- The Resource Conservation District of Santa Cruz County is using its $200,000 grant to help Pajaro Valley farmers adapt to the effects of climate change by reducing the use of irrigation water, limiting soil erosion, and improving soil health and resiliency to extreme weather. The Pajaro Valley, located in southern Santa Cruz and northern Monterey Counties, has the highest per-acre farm production value in California. It supports an $895 million dollar agricultural industry that is threatened by droughts that reduce water availability, extreme storms that cause flooding and topsoil erosion, and sea level rise that exacerbates saltwater intrusion into underground freshwater aquifers.
San Francisco Bay Area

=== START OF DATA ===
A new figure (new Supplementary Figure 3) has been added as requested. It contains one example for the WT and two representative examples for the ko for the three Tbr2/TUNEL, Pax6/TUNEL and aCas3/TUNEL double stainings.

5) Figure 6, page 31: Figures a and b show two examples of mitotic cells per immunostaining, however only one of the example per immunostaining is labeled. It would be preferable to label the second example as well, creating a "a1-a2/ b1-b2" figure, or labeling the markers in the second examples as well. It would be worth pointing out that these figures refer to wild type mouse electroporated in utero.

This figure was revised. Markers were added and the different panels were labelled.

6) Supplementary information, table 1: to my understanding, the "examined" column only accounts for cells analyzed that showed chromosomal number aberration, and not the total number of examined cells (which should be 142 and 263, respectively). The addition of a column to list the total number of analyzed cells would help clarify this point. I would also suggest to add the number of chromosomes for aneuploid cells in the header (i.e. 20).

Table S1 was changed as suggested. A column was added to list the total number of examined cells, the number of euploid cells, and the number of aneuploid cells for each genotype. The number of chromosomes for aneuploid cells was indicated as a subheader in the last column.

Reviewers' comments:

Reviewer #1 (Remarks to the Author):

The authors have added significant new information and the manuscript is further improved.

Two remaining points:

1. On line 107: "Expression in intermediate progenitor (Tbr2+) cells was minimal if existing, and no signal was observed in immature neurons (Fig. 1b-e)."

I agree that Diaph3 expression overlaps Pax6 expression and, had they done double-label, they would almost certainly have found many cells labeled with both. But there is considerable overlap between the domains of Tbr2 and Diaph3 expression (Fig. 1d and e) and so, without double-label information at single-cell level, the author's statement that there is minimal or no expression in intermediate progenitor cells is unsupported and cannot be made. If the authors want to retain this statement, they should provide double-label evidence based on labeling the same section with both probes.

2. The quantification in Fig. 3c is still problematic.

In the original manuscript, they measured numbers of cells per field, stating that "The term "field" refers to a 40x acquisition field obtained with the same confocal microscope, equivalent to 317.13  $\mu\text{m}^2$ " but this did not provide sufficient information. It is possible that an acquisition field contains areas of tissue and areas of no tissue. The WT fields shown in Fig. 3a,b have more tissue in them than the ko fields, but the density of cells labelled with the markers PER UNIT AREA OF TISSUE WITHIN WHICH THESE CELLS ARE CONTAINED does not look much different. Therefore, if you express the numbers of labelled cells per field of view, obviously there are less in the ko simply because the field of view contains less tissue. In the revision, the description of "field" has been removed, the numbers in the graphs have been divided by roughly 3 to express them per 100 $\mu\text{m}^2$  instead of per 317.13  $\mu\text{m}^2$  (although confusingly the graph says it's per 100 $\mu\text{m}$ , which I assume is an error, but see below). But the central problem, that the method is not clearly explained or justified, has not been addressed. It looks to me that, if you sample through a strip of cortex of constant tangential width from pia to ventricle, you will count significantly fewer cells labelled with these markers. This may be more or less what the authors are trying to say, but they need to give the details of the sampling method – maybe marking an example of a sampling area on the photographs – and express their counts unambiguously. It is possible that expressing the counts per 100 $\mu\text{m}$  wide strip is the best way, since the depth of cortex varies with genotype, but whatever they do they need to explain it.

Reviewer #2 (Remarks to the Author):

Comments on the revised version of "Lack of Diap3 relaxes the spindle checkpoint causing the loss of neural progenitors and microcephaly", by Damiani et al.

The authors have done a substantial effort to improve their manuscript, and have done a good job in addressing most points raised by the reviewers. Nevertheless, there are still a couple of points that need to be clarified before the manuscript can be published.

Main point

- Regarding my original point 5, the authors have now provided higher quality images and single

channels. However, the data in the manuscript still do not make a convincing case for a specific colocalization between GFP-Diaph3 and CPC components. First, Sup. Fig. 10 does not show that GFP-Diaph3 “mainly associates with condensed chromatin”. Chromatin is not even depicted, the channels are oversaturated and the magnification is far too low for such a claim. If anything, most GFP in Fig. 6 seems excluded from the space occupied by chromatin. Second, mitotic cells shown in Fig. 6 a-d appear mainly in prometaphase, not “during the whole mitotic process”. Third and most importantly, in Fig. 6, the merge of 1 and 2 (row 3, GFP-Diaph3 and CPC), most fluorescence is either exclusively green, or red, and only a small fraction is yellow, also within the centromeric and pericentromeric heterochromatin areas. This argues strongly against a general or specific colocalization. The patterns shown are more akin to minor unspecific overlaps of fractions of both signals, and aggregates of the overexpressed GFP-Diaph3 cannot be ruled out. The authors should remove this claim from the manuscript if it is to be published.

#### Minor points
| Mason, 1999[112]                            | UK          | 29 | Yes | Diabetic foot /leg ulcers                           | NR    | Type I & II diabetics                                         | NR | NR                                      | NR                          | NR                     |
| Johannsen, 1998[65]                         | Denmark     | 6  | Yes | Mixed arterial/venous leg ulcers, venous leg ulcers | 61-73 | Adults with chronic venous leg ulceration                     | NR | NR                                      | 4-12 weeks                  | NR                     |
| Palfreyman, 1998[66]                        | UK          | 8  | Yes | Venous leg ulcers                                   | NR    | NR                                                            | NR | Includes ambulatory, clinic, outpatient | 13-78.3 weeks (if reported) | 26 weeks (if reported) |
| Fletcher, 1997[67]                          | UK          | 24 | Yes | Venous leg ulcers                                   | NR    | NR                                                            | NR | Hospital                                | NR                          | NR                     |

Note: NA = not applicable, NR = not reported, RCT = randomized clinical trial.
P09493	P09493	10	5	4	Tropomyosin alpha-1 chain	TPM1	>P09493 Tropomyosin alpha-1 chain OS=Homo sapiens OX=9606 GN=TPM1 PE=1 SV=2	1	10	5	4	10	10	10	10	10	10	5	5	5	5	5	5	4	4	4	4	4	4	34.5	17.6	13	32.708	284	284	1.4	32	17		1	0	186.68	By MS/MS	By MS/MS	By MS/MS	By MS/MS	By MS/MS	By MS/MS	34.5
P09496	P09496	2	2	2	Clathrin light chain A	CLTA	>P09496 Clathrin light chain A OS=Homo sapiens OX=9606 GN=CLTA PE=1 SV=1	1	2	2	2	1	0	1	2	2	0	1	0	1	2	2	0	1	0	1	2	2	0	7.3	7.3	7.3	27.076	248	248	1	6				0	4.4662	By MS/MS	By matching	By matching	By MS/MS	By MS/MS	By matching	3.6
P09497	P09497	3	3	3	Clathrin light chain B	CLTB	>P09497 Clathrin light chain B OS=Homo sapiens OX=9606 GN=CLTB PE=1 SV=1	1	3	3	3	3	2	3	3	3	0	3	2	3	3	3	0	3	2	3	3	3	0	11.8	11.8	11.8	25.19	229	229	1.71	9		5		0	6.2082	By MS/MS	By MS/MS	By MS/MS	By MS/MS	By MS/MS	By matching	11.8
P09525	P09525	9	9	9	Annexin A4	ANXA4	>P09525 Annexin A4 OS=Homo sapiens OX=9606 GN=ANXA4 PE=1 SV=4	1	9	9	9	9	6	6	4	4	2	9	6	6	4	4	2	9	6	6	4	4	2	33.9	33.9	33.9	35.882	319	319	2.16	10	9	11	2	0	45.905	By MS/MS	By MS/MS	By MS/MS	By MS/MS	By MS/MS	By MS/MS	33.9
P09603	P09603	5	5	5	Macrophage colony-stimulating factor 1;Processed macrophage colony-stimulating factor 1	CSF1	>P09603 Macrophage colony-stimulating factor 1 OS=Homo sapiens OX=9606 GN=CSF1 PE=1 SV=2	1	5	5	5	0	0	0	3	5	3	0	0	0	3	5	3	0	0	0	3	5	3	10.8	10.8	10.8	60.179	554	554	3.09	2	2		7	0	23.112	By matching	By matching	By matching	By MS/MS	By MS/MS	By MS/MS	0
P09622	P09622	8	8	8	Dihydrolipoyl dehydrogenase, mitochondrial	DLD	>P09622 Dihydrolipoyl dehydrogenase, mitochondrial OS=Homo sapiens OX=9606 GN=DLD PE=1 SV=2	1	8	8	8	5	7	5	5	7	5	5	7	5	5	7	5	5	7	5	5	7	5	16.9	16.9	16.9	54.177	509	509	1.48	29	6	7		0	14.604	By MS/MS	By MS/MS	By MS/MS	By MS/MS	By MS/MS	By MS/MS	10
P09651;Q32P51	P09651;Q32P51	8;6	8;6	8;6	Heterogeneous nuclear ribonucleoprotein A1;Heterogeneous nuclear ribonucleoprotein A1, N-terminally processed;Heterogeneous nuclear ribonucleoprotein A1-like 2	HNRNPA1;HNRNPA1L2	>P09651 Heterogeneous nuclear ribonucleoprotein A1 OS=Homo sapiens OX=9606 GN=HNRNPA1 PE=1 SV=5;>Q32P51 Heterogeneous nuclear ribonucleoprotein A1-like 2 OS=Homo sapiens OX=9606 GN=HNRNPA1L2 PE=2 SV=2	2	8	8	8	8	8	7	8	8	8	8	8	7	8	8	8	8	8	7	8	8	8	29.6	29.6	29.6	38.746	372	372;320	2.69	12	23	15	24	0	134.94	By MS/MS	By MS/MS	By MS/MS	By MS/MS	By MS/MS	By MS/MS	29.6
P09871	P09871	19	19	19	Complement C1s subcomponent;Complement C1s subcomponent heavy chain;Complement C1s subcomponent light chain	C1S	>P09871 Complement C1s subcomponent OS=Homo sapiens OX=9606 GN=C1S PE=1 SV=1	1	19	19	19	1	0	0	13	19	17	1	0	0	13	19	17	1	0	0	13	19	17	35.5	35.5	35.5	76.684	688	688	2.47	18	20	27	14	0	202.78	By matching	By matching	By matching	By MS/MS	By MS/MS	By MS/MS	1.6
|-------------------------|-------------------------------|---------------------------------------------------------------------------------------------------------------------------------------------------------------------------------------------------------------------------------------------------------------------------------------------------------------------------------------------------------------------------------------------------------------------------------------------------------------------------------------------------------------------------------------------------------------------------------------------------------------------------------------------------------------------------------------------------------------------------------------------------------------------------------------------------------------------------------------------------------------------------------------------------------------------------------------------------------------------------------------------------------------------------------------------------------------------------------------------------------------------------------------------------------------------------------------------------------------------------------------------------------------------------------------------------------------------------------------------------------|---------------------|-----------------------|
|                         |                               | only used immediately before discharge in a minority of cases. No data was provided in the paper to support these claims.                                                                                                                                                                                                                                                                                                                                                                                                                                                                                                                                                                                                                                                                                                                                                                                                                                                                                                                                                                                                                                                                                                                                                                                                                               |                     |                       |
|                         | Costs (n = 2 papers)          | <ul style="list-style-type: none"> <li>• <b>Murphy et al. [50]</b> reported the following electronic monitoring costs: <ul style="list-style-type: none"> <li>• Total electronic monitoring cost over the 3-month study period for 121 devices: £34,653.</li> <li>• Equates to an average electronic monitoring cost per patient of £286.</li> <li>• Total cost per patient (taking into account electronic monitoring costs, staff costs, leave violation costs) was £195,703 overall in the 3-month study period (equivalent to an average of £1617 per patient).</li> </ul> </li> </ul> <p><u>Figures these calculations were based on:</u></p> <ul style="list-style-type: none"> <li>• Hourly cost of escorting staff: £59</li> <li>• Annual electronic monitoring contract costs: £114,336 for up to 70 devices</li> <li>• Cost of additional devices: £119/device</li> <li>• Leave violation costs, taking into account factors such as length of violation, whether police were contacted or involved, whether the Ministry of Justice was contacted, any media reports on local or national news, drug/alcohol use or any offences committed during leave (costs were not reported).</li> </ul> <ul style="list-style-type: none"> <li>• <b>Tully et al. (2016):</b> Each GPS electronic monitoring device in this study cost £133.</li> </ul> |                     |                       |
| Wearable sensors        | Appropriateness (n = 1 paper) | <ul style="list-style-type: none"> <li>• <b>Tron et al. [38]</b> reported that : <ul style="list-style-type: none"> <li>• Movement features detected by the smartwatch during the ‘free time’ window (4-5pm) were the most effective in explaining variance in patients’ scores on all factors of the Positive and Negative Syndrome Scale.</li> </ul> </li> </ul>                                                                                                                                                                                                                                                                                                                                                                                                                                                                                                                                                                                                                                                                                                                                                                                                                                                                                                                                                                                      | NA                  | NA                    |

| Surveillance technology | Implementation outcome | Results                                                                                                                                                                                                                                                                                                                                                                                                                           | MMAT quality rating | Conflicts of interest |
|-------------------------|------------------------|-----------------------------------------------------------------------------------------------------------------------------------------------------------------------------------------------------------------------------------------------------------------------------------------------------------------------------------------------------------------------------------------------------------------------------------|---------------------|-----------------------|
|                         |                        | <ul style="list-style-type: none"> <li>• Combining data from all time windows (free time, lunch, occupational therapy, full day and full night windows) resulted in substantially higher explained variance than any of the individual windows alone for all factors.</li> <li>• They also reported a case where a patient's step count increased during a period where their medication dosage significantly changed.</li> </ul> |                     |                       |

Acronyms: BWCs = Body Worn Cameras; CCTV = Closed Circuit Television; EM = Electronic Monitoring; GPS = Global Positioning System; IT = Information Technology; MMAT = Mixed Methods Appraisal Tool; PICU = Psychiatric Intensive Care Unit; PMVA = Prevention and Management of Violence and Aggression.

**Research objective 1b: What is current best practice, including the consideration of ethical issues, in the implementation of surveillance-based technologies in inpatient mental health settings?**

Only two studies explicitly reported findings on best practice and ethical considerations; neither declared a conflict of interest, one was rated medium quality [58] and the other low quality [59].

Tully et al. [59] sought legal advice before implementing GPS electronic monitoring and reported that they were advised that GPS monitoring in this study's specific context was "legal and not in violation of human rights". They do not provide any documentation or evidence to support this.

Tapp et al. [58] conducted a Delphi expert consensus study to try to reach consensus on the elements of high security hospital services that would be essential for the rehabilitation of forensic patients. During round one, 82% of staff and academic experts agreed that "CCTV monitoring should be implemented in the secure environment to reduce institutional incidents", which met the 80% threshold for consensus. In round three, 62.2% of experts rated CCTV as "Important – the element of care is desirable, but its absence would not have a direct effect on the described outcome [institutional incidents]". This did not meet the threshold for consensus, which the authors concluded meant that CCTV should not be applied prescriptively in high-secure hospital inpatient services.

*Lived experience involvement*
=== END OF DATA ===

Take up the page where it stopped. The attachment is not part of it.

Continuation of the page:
- The Trust for Conservation Innovation is applying its $236,000 grant to establish demonstration grassland restoration plots on grazing land at three Bay Area locations: TomKat Ranch in San Mateo County, Rush Ranch in Solano County, and Sears Point in Sonoma County. The California Rangeland Conservation Coalition will conduct the work, which will include plantings of native perennial grasses, management and monitoring, and sharing of results with land managers and ranchers throughout the State. The project is expected to demonstrate how native grasses can be used to make rangelands more resilient to effects of climate change—longer dry spells, reduced rainfall, and higher temperatures—while improving habitats for wildlife.